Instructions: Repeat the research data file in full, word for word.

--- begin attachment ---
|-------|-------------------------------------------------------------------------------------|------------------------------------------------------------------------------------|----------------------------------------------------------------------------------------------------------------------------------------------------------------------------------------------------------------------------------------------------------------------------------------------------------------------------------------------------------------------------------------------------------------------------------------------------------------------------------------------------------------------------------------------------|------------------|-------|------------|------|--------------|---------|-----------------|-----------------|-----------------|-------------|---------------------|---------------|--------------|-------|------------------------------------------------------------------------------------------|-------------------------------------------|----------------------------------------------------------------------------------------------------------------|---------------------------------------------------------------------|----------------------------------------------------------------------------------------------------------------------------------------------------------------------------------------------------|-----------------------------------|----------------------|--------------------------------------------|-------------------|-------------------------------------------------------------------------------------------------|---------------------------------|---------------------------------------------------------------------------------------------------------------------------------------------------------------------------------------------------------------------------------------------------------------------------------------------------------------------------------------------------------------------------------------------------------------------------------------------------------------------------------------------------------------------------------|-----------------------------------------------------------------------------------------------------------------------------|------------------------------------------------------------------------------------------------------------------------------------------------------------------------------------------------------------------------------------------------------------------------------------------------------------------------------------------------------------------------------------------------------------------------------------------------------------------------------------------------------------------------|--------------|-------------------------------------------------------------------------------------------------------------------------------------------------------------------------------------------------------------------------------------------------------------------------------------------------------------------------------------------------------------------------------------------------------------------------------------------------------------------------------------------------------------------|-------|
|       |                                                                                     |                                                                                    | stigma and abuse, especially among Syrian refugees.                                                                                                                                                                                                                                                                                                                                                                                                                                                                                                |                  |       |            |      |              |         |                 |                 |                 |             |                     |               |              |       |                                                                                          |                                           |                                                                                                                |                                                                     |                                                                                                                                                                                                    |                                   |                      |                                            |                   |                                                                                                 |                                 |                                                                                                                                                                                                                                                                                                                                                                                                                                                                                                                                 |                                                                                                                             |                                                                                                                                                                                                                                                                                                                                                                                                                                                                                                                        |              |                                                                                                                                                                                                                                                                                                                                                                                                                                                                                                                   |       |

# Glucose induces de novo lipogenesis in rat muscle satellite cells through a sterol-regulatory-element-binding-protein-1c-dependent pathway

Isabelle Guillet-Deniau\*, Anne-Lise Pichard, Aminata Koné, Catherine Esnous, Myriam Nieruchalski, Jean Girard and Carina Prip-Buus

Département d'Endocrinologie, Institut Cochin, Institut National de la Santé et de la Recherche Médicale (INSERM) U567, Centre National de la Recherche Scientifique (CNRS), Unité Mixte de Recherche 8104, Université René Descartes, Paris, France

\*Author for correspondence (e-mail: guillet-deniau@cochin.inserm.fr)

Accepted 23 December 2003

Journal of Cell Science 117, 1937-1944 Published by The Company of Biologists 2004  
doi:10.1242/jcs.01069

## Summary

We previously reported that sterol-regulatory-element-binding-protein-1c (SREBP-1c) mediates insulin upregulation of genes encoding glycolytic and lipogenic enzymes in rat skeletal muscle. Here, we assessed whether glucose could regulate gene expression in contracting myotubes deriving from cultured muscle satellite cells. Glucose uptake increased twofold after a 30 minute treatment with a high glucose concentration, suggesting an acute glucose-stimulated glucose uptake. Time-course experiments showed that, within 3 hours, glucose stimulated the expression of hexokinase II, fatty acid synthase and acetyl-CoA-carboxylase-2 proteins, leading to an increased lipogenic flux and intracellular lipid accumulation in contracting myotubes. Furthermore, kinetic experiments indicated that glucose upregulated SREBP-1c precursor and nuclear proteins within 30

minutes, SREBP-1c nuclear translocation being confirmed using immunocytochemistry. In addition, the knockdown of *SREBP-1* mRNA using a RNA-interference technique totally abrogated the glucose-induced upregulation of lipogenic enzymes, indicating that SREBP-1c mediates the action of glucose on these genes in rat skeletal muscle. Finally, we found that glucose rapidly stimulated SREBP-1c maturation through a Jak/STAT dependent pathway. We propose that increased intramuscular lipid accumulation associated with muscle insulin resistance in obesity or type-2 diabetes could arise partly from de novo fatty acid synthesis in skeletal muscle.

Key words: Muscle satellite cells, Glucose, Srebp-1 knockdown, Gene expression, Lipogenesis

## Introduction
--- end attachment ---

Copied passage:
|-------|-------------------------------------------------------------------------------------|------------------------------------------------------------------------------------|----------------------------------------------------------------------------------------------------------------------------------------------------------------------------------------------------------------------------------------------------------------------------------------------------------------------------------------------------------------------------------------------------------------------------------------------------------------------------------------------------------------------------------------------------|------------------|-------|------------|------|--------------|---------|-----------------|-----------------|-----------------|-------------|---------------------|---------------|--------------|-------|------------------------------------------------------------------------------------------|-------------------------------------------|----------------------------------------------------------------------------------------------------------------|---------------------------------------------------------------------|----------------------------------------------------------------------------------------------------------------------------------------------------------------------------------------------------|-----------------------------------|----------------------|--------------------------------------------|-------------------|-------------------------------------------------------------------------------------------------|---------------------------------|---------------------------------------------------------------------------------------------------------------------------------------------------------------------------------------------------------------------------------------------------------------------------------------------------------------------------------------------------------------------------------------------------------------------------------------------------------------------------------------------------------------------------------|-----------------------------------------------------------------------------------------------------------------------------|------------------------------------------------------------------------------------------------------------------------------------------------------------------------------------------------------------------------------------------------------------------------------------------------------------------------------------------------------------------------------------------------------------------------------------------------------------------------------------------------------------------------|--------------|-------------------------------------------------------------------------------------------------------------------------------------------------------------------------------------------------------------------------------------------------------------------------------------------------------------------------------------------------------------------------------------------------------------------------------------------------------------------------------------------------------------------|-------|
|       |                                                                                     |                                                                                    | stigma and abuse, especially among Syrian refugees.                                                                                                                                                                                                                                                                                                                                                                                                                                                                                                |                  |       |            |      |              |         |                 |                 |                 |             |                     |               |              |       |                                                                                          |                                           |                                                                                                                |                                                                     |                                                                                                                                                                                                    |                                   |                      |                                            |                   |                                                                                                 |                                 |                                                                                                                                                                                                                                                                                                                                                                                                                                                                                                                                 |                                                                                                                             |                                                                                                                                                                                                                                                                                                                                                                                                                                                                                                                        |              |                                                                                                                                                                                                                                                                                                                                                                                                                                                                                                                   |       |

# Glucose induces de novo lipogenesis in rat muscle satellite cells through a sterol-regulatory-element-binding-protein-1c-dependent pathway

Isabelle Guillet-Deniau\*, Anne-Lise Pichard, Aminata Koné, Catherine Esnous, Myriam Nieruchalski, Jean Girard and Carina Prip-Buus

Département d'Endocrinologie, Institut Cochin, Institut National de la Santé et de la Recherche Médicale (INSERM) U567, Centre National de la Recherche Scientifique (CNRS), Unité Mixte de Recherche 8104, Université René Descartes, Paris, France

\*Author for correspondence (e-mail: guillet-deniau@cochin.inserm.fr)

Accepted 23 December 2003

Journal of Cell Science 117, 1937-1944 Published by The Company of Biologists 2004  
doi:10.1242/jcs.01069

## Summary

We previously reported that sterol-regulatory-element-binding-protein-1c (SREBP-1c) mediates insulin upregulation of genes encoding glycolytic and lipogenic enzymes in rat skeletal muscle. Here, we assessed whether glucose could regulate gene expression in contracting myotubes deriving from cultured muscle satellite cells. Glucose uptake increased twofold after a 30 minute treatment with a high glucose concentration, suggesting an acute glucose-stimulated glucose uptake. Time-course experiments showed that, within 3 hours, glucose stimulated the expression of hexokinase II, fatty acid synthase and acetyl-CoA-carboxylase-2 proteins, leading to an increased lipogenic flux and intracellular lipid accumulation in contracting myotubes. Furthermore, kinetic experiments indicated that glucose upregulated SREBP-1c precursor and nuclear proteins within 30

minutes, SREBP-1c nuclear translocation being confirmed using immunocytochemistry. In addition, the knockdown of *SREBP-1* mRNA using a RNA-interference technique totally abrogated the glucose-induced upregulation of lipogenic enzymes, indicating that SREBP-1c mediates the action of glucose on these genes in rat skeletal muscle. Finally, we found that glucose rapidly stimulated SREBP-1c maturation through a Jak/STAT dependent pathway. We propose that increased intramuscular lipid accumulation associated with muscle insulin resistance in obesity or type-2 diabetes could arise partly from de novo fatty acid synthesis in skeletal muscle.

Key words: Muscle satellite cells, Glucose, Srebp-1 knockdown, Gene expression, Lipogenesis

## Introduction